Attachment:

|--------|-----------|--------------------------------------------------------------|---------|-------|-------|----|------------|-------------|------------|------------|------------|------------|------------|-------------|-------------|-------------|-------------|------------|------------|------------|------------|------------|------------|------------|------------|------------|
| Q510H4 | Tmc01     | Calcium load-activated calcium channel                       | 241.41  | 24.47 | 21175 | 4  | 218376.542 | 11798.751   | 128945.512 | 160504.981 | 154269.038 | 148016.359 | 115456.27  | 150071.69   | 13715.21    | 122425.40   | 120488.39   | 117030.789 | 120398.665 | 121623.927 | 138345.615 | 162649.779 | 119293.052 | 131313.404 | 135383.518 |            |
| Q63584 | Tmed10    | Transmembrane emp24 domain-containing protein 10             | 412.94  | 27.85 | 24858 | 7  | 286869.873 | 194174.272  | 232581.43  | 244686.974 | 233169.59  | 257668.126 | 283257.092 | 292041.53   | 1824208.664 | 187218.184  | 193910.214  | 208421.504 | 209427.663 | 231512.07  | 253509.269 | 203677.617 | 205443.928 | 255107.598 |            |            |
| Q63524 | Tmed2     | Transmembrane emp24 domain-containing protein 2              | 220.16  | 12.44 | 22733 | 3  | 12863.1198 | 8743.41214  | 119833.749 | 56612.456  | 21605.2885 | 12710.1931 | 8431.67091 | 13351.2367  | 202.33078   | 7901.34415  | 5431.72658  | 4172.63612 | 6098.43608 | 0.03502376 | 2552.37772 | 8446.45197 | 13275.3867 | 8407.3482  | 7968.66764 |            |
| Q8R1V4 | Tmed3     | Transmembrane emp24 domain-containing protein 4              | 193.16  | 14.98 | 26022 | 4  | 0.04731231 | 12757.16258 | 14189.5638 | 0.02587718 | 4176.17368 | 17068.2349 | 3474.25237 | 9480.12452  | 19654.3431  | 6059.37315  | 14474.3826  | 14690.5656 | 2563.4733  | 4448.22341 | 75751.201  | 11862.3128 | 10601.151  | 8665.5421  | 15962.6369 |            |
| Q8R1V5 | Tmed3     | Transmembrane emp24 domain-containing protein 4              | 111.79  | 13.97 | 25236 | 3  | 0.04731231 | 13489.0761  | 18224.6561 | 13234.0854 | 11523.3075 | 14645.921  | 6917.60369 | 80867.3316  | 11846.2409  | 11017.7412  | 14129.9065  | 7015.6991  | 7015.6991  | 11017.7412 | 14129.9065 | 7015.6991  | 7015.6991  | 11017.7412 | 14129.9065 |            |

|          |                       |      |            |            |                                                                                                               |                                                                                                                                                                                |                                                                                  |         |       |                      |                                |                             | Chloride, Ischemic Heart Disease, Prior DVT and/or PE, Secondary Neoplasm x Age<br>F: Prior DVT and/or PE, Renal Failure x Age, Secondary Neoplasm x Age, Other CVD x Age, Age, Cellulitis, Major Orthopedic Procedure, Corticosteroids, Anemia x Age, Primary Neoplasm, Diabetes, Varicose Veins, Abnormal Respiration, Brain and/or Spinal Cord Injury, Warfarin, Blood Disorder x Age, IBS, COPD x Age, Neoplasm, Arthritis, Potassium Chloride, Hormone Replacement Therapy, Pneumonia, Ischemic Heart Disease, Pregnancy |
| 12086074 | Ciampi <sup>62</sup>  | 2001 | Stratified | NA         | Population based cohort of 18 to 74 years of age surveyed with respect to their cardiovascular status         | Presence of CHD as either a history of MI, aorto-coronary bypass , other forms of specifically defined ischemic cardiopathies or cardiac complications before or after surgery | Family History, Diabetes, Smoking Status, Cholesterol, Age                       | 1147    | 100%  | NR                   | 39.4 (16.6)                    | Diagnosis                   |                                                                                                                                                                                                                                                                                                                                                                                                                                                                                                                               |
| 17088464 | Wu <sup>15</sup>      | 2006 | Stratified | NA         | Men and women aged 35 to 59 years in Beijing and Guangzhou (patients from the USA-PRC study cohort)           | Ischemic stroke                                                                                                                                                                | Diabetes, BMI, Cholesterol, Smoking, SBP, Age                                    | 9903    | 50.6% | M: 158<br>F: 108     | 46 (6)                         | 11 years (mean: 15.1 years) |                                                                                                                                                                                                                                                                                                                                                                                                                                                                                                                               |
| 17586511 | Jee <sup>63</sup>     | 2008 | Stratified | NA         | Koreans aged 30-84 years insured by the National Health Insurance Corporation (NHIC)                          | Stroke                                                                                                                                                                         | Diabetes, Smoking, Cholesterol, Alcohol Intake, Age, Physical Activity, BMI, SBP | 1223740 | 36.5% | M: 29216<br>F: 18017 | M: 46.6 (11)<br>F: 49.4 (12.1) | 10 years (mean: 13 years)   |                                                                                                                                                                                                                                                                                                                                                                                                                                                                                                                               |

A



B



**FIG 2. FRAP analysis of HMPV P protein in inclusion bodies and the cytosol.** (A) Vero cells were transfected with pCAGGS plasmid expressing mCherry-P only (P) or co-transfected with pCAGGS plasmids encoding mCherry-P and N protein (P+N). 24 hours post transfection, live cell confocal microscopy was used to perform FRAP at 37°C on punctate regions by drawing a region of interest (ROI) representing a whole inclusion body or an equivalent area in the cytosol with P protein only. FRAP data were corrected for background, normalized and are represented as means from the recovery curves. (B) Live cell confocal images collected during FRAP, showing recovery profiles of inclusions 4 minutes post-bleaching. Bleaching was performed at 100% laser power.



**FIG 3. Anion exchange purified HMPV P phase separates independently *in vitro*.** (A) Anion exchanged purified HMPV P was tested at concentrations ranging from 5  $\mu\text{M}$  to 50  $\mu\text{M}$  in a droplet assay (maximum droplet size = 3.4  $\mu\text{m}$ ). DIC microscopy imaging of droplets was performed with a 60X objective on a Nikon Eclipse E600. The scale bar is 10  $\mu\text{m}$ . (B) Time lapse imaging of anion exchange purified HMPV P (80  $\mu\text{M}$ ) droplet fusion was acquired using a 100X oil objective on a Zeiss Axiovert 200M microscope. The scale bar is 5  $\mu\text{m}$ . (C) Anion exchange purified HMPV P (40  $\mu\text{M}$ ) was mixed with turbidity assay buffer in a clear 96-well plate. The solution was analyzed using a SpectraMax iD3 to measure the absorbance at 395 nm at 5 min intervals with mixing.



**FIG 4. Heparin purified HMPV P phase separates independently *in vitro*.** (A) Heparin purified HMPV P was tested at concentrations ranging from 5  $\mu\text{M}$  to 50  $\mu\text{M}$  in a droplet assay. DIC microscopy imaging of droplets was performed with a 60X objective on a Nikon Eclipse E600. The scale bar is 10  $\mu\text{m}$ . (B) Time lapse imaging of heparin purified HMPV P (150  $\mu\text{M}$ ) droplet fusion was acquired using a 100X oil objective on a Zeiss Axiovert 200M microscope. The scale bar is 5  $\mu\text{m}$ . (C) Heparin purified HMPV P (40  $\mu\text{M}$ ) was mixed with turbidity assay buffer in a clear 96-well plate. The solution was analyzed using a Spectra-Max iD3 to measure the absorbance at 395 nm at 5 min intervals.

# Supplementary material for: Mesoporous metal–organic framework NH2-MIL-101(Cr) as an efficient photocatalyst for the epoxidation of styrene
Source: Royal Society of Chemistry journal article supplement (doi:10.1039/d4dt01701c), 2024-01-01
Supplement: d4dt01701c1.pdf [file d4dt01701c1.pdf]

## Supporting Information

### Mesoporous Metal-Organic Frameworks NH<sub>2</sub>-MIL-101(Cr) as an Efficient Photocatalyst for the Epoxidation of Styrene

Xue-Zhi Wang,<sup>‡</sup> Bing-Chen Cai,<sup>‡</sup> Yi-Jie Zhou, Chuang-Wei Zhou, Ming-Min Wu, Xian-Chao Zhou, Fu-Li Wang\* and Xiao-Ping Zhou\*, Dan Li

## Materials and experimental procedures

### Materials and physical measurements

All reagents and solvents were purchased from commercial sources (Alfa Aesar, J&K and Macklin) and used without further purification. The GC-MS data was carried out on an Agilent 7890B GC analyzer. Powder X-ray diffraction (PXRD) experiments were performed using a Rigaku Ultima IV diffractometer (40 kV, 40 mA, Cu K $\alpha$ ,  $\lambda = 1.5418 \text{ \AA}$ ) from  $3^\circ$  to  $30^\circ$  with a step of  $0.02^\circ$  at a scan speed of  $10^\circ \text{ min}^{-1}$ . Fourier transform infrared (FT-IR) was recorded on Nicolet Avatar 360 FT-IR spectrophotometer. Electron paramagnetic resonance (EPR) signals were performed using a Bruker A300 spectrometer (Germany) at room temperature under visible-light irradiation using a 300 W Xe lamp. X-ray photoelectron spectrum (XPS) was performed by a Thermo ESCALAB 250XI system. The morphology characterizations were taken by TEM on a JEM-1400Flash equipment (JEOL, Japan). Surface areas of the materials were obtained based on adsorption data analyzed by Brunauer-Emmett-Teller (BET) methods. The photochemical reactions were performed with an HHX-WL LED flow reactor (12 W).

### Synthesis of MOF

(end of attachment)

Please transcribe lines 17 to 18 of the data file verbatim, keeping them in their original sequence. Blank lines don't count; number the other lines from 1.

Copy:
Source: Royal Society of Chemistry journal article supplement (doi:10.1039/d4dt01701c), 2024-01-01
Supplement: d4dt01701c1.pdf [file d4dt01701c1.pdf]